Much of the talk from Transport for London around the time of last summer’s protest on Blackfriars Bridge – a protest that centred on the failure to keep a lower 20 mph speed limit through the junction, and to design a junction adequately suited to the needs of vulnerable users, not simply an urban motorway – stressed that the redesign of the junction, while not what cyclists might have wanted, was largely necessary because of the increased pedestrian flows at the new station.
Take these comments from Ben Plowden, for instance –
Well the first thing to say is that it’s very important to remember why it is we’re doing these junction works. The junction works are necessary to allow the re-opening of Blackfriars Station after its three year, £550 million, upgrade, and there’s going to be a huge increase in the number of people going into and out of the station on foot. In fact there’s going to be a ten-fold increase in the number of people going into and out of the station on foot, and in order to accommodate that increase we’ve had to make more pavement space available for pedestrians and put in two new pedestrian crossings to allow street-level access to the station.
Similar comments were made by Plowden to the Evening Standard –
Ben Plowden, TfL’s director of better routes and places, said the changes were designed to cope with a huge increase in pedestrians using the pavements around Blackfriars station, as a result of extra trains and the closure of pedestrian subways. He said pedestrians would account for 57 per cent of people using the north-side junction, compared to six per cent of cyclists. He said the speed limit was temporarily lowered to 20mph because of construction traffic and not because of speed-related safety concerns. The final changes to the junction will not be completed until Christmas, when the station reopens. Mr Plowden said: “I understand the anxiety, but in terms of the practical experience for most people most of the time, the traffic will be going fairly slowly, and for those particular right turns, [cyclists] will have a chance to move across the lanes when the traffic is held at red. The whole point of the junction is to make sure pedestrians can get to and from the station in the morning and evening.“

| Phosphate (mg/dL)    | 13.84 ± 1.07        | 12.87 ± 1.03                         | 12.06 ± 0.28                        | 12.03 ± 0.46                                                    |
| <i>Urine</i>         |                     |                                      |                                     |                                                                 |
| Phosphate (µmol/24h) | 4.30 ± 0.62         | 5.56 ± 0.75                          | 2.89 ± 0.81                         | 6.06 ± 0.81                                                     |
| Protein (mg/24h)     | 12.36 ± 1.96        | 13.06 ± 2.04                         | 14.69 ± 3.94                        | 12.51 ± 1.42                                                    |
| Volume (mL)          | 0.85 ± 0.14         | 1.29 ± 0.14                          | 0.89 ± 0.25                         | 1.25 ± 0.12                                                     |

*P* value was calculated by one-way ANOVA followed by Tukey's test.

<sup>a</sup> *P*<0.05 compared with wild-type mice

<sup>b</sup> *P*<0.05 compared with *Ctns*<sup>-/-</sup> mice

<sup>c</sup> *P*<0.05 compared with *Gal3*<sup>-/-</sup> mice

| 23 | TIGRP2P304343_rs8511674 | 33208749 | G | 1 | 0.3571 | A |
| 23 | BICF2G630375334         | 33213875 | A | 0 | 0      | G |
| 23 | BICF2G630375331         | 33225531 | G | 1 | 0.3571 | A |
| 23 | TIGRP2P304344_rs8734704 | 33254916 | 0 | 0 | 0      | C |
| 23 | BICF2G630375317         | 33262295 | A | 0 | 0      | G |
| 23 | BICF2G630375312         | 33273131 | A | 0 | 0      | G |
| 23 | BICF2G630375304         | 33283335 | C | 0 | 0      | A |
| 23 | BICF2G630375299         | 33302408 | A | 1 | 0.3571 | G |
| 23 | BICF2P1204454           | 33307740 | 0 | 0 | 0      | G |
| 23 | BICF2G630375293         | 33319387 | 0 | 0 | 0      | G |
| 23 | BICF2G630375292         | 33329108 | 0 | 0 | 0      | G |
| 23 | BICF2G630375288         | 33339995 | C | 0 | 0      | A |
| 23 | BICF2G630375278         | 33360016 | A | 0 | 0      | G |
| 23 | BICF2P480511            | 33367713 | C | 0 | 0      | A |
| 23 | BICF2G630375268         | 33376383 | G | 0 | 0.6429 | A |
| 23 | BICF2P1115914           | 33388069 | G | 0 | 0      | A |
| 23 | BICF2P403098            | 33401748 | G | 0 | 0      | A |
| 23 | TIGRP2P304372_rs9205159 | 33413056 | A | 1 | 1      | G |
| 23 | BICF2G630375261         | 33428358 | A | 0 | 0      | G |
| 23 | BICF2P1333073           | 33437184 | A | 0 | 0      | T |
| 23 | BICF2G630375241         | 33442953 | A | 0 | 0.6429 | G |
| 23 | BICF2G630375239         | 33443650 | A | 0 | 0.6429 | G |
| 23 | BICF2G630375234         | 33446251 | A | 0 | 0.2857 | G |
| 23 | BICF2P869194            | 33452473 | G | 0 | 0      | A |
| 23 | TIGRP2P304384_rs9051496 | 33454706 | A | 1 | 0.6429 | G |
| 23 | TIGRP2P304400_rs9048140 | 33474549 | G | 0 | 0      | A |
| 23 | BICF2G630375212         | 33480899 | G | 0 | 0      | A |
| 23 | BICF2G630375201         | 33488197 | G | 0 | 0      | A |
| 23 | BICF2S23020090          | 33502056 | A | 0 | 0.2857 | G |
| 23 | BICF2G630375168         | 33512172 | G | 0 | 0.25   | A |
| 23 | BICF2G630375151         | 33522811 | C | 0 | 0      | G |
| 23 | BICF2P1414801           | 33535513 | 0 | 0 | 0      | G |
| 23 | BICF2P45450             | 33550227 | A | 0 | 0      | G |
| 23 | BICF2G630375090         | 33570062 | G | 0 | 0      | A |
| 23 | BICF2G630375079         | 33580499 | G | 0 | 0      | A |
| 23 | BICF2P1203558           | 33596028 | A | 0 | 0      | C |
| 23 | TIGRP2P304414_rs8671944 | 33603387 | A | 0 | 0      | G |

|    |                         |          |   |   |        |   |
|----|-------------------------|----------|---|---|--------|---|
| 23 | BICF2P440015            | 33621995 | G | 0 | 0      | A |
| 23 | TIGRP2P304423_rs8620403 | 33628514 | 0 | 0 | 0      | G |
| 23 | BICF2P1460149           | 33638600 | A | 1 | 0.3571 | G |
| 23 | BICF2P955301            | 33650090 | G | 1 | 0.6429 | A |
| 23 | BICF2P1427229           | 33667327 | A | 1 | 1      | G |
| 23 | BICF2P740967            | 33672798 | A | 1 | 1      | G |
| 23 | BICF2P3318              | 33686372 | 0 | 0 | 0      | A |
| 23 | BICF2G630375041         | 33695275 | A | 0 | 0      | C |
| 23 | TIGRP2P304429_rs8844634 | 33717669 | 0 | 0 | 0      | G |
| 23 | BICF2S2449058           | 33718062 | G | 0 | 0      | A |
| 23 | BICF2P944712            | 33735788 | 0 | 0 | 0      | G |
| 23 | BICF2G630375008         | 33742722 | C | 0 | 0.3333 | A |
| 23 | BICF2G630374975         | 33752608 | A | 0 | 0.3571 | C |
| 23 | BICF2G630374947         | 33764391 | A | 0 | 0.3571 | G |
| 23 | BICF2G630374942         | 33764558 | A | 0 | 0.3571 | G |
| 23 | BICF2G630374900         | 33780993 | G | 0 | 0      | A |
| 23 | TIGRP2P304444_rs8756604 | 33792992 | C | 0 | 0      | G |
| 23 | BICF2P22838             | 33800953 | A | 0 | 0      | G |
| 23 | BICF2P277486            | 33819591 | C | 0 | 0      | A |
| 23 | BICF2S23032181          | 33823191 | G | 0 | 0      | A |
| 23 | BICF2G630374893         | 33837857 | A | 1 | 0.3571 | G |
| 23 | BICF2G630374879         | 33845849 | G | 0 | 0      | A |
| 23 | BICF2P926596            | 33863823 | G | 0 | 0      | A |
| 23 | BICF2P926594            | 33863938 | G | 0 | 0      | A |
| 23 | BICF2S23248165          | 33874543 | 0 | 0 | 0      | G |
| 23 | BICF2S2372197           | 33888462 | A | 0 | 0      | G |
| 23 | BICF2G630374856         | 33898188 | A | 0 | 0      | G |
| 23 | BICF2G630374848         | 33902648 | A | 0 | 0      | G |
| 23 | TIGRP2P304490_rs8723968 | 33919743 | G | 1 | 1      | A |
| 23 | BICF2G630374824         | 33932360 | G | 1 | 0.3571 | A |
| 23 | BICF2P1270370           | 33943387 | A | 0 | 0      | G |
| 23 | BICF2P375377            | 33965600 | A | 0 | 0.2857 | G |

And in this interview with BBC London News.
These comments are singing from the TfL hymnsheet, a.ka. ‘Boris’s script’ –
Blackfriars station will reopen in December 2011 following a £550 million, three year upgrade project. Over 24,000 pedestrians will enter and exit the station during the morning peak and the junction outside of the station has had to be redesigned to accommodate these hugely increased pedestrian flows. The need for new pedestrian crossings has created an opportunity to reassess the whole junction and deliver a new layout that would mean improvement for as many users as possible. This new design accommodates the huge increase in demand from pedestrians, who will make up 58% of all users of the junction whilst improving facilities for the estimated 6% of people travelling through by bicycle. This has been achieved without creating conditions which would severely disbenefit other modes, including bus and taxi passengers, who will account for around a fifth of those using the junction.
This same ‘hymnsheet’ also cites the new pedestrian crossings as a reason for rejecting the maintenance of the 20 mph limit – they would keep average traffic speeds down.
Now that the new layout is almost complete, what does the junction look like for pedestrians – the users for whom TfL say it has been explicitly redesigned?
As both Cyclists In The City and War On The Motorist have noted, there are now no pedestrian crossings across the southern end of New Bridge Street, where it meets the Victoria Embankment and Queen Victoria Street. It has been removed.
Here’s how pedestrians are crossing that stretch of road, on a relatively quiet afternoon last week –
To my mind, this is not evidence of a junction that has been redesigned for pedestrians; quite the opposite.
This is before the station, in the background, has even opened. The chances of a collision occurring once those ‘24,000 pedestrians’ TfL refer to are coming in and out of the station – many across this very road – are surely very high indeed. Especially when we consider that those vehicles coming from the right and left in the video are travelling in what is currently a 20 mph limit; a speed limit that will disappear once the junction works are complete.